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Orange County Focus

COUNTYWIDE : Homeless, Pregnant--and Loved

December 07, 1992|BERT ELJERA

Eight months pregnant and running away from an abusive boyfriend, Donna found refuge two months ago at Precious Life, a temporary shelter for homeless pregnant women in Los Alamitos.

At that time, she was certain she would give her baby up for adoption once it was born. Now, as 22-day-old Brandon sleeps peacefully on her lap, she is certain she won't give him up. She feels energized now and ready to face the world again.

The difference, she said, is the "love, comfort and support" provided by the residents and staff of Precious Life. "I'm on my way to getting healed," said 30-year-old Donna. "I'm a better person after what I had gone through. I'm so thankful I got here."

Donna shares a cottage with Melinda Perez and two other women at the four-building facility on Reagan Street. There are 11 other women, four babies and two toddlers in the shelter.

Melinda, 28, has a month-old baby, Robin, and has been in the shelter since August. A college graduate, she decided to keep the baby despite losing her job and against the will of the baby's father, whom she was engaged to marry.

Her parents live in Guam and didn't know she was pregnant. With no one to help her, she said, "I dialed a bunch of 800 numbers . . . and I ended up here."

Precious Life was founded in 1988 by Theresa Sherrin and her husband, Don. It provides a temporary home for expectant mothers, 18 years old or older, who are in financial, physical or emotional crisis. It provides an alternative to abortion, Sherrin said.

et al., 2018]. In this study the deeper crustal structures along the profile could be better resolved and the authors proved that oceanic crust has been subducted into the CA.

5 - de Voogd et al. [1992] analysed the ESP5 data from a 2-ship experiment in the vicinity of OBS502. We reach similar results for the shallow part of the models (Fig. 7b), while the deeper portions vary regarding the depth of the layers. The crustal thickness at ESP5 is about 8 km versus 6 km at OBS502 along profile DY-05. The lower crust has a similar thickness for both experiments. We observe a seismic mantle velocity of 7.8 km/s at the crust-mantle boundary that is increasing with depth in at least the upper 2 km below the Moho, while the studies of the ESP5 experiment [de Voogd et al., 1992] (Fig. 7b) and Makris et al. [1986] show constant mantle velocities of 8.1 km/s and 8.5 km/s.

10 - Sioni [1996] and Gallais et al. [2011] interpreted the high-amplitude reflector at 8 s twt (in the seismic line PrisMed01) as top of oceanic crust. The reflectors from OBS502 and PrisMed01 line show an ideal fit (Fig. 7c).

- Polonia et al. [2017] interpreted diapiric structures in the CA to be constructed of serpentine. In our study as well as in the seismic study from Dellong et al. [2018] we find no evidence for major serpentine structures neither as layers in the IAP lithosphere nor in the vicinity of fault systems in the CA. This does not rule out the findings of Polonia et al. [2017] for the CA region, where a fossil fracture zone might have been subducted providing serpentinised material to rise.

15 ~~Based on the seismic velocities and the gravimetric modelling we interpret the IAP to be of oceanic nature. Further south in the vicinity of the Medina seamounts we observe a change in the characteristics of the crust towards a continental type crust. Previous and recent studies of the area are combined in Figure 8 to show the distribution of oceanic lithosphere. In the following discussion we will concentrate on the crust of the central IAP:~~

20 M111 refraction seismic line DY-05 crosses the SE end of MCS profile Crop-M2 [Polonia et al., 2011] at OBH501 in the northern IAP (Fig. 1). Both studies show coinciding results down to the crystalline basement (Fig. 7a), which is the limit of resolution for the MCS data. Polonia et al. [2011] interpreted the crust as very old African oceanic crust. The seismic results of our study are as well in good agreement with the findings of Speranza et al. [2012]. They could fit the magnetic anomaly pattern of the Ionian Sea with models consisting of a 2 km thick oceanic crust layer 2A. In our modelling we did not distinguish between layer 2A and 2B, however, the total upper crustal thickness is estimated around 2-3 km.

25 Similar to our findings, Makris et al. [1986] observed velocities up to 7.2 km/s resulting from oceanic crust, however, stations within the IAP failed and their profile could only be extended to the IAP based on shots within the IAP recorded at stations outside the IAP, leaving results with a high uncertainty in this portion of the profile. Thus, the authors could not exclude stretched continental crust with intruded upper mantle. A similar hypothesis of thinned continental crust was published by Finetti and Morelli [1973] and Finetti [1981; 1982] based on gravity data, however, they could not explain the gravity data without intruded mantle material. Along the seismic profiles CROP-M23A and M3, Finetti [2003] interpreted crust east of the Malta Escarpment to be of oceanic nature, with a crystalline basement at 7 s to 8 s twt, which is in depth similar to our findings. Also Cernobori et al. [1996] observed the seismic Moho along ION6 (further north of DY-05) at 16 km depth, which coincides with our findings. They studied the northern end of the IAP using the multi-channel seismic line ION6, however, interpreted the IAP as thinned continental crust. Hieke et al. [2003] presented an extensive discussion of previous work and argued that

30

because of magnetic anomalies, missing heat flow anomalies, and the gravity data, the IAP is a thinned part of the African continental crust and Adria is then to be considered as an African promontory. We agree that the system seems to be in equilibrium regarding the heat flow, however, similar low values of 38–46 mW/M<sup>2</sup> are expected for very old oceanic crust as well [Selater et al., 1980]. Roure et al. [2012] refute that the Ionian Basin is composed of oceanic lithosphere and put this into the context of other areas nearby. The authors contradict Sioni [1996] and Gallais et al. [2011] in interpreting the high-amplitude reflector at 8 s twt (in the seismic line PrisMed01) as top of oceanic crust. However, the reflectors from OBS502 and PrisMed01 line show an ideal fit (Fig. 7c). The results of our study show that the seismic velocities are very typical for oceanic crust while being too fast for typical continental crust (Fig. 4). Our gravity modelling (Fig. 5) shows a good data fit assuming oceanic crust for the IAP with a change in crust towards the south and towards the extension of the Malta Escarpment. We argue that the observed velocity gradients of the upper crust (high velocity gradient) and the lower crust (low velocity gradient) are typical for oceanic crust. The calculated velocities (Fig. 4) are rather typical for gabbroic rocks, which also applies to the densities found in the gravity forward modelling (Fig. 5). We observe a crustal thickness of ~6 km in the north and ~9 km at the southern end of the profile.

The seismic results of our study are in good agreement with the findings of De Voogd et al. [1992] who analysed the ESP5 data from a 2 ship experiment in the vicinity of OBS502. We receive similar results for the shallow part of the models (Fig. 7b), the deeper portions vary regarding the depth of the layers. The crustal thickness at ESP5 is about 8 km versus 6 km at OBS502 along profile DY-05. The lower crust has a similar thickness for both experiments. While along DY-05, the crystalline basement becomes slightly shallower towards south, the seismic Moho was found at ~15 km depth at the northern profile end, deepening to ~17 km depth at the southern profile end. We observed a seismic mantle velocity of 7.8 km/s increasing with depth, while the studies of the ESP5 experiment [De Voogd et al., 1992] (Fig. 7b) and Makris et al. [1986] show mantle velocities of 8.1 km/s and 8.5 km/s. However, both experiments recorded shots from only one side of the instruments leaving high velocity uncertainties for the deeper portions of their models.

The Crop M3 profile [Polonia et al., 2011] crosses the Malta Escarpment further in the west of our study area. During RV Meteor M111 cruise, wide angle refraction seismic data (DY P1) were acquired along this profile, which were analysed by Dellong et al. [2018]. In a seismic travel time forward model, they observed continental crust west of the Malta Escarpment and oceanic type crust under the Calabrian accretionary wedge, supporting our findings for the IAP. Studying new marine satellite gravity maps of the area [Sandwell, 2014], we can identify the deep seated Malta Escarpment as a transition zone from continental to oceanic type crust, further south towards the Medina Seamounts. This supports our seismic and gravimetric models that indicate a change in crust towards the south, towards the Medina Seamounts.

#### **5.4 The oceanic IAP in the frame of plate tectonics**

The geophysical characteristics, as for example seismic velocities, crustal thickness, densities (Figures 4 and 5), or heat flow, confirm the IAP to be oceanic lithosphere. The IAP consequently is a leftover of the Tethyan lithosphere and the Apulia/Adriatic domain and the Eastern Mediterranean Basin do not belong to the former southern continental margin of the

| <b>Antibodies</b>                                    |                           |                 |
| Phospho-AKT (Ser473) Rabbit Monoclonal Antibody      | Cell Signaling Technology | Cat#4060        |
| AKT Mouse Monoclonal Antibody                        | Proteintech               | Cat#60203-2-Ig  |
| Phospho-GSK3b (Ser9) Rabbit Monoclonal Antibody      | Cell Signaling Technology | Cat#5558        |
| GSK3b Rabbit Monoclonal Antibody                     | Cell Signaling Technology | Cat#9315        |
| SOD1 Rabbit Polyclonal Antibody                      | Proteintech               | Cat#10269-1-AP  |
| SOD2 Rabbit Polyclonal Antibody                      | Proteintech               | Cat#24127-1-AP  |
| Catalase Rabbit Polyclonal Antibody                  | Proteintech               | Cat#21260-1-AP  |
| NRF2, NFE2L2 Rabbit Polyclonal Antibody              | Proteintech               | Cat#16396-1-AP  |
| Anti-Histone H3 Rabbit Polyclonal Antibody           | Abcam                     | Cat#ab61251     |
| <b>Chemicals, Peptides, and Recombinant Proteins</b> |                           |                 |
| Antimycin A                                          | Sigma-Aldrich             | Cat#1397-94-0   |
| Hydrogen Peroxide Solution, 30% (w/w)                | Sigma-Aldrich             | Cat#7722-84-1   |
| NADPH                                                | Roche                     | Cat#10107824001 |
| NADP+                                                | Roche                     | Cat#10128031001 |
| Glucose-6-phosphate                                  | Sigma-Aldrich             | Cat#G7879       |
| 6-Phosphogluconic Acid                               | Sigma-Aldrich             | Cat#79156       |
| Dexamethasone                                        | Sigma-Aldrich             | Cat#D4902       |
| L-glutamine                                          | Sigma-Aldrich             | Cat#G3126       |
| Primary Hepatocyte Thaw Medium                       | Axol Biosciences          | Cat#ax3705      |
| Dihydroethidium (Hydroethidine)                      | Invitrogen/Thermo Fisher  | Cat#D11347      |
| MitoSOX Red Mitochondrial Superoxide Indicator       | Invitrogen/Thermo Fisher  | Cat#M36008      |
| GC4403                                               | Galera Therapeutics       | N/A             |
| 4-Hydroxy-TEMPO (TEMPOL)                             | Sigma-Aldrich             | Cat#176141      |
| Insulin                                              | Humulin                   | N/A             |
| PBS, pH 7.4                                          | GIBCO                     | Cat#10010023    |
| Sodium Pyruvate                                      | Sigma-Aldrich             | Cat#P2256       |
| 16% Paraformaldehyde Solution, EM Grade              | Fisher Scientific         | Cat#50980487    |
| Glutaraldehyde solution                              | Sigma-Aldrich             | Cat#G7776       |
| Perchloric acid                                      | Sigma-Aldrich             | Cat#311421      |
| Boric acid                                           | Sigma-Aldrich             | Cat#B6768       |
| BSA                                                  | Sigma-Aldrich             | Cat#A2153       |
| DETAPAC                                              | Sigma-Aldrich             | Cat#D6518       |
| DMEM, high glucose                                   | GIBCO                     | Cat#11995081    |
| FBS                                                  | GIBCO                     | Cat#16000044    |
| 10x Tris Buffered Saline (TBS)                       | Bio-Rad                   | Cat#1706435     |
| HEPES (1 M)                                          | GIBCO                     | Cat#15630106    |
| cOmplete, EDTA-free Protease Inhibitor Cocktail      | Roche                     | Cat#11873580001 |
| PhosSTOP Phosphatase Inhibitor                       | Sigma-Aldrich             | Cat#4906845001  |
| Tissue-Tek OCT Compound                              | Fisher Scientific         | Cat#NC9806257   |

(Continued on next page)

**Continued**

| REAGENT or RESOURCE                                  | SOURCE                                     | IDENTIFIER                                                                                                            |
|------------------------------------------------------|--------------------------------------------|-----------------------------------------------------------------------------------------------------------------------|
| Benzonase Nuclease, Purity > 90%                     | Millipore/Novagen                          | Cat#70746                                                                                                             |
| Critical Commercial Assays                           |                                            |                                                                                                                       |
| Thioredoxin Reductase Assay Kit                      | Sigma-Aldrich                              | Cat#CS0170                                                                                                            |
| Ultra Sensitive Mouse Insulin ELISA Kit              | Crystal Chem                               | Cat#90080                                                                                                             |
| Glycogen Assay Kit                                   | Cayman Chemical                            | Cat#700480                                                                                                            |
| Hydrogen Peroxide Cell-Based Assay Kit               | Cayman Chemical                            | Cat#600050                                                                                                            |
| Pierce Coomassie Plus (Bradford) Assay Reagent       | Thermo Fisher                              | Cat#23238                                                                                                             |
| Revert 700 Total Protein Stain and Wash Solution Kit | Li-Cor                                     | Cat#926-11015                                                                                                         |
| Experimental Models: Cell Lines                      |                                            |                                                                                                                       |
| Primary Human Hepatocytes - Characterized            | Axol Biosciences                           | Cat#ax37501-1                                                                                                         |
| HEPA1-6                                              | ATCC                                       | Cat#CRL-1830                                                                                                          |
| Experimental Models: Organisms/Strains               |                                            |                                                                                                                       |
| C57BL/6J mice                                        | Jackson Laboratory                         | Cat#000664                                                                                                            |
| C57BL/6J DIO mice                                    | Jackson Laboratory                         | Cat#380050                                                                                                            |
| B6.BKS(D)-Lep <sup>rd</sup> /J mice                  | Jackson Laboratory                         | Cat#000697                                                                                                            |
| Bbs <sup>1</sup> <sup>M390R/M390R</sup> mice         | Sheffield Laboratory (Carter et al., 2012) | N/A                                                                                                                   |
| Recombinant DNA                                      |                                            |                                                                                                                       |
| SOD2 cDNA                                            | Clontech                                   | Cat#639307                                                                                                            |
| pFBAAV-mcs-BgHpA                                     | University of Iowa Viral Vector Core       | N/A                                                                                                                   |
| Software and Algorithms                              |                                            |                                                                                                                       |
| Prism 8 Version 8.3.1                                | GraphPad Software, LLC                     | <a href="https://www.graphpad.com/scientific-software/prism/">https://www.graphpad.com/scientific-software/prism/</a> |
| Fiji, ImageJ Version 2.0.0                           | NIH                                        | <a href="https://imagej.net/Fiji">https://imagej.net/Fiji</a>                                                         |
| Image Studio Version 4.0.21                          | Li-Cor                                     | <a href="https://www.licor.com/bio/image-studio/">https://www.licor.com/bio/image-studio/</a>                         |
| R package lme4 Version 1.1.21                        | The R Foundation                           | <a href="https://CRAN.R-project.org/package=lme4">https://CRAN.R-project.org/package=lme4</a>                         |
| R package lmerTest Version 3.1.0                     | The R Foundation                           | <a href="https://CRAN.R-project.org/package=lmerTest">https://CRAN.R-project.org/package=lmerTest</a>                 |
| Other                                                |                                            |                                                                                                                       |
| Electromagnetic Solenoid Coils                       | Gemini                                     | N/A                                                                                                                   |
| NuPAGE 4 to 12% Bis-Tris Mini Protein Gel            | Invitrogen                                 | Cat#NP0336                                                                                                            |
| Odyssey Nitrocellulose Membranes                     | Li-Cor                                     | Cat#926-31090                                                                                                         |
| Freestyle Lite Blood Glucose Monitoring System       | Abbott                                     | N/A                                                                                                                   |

If the mothers-to-be choose to have their babies, the shelter provides housing, food, medical care and other necessities for up to two months after birth. In the meantime, the shelter helps them look for jobs or move into apartments.

For years, Theresa Sherrin said, she and her husband have been foster parents, and over a period of seven years have helped 44 homeless pregnant women in their own home.

"Babies are my business," said Sherrin, a spry 56-year-old who has six children of her own and 13 grandchildren.

In 1988, with the help of friends, the Sherrins bought the half-acre lot where the shelter now sits. Through donations and additional funding from federal, state and county grants, the facility has expanded over the past four years. It now consists of a two-story emergency shelter, two so-called transitional homes and one building for a pilot program that will provide long-term housing.

At full capacity, the shelter could house 18 women, six babies and two toddlers, according to Sherrin, who acts as executive director. The staff is mostly volunteer. Residents do their own cooking, laundry and cleaning up. This year's budget is $140,000, Sherrin said.

The women are usually referred by local churches and service clubs. Some are referred by welfare agencies, while others simply walk in. From January, 1989, to December of last year, the shelter housed 72 women and 36 babies.

"We only insist that they are drug- or alcohol-free," Sherrin said.

Some women find the situation so comfortable that they don't want to leave. "We have to evict some a couple of times," Sherrin said. "We don't want to be their permanent crutch. We just want them to get back on their feet."

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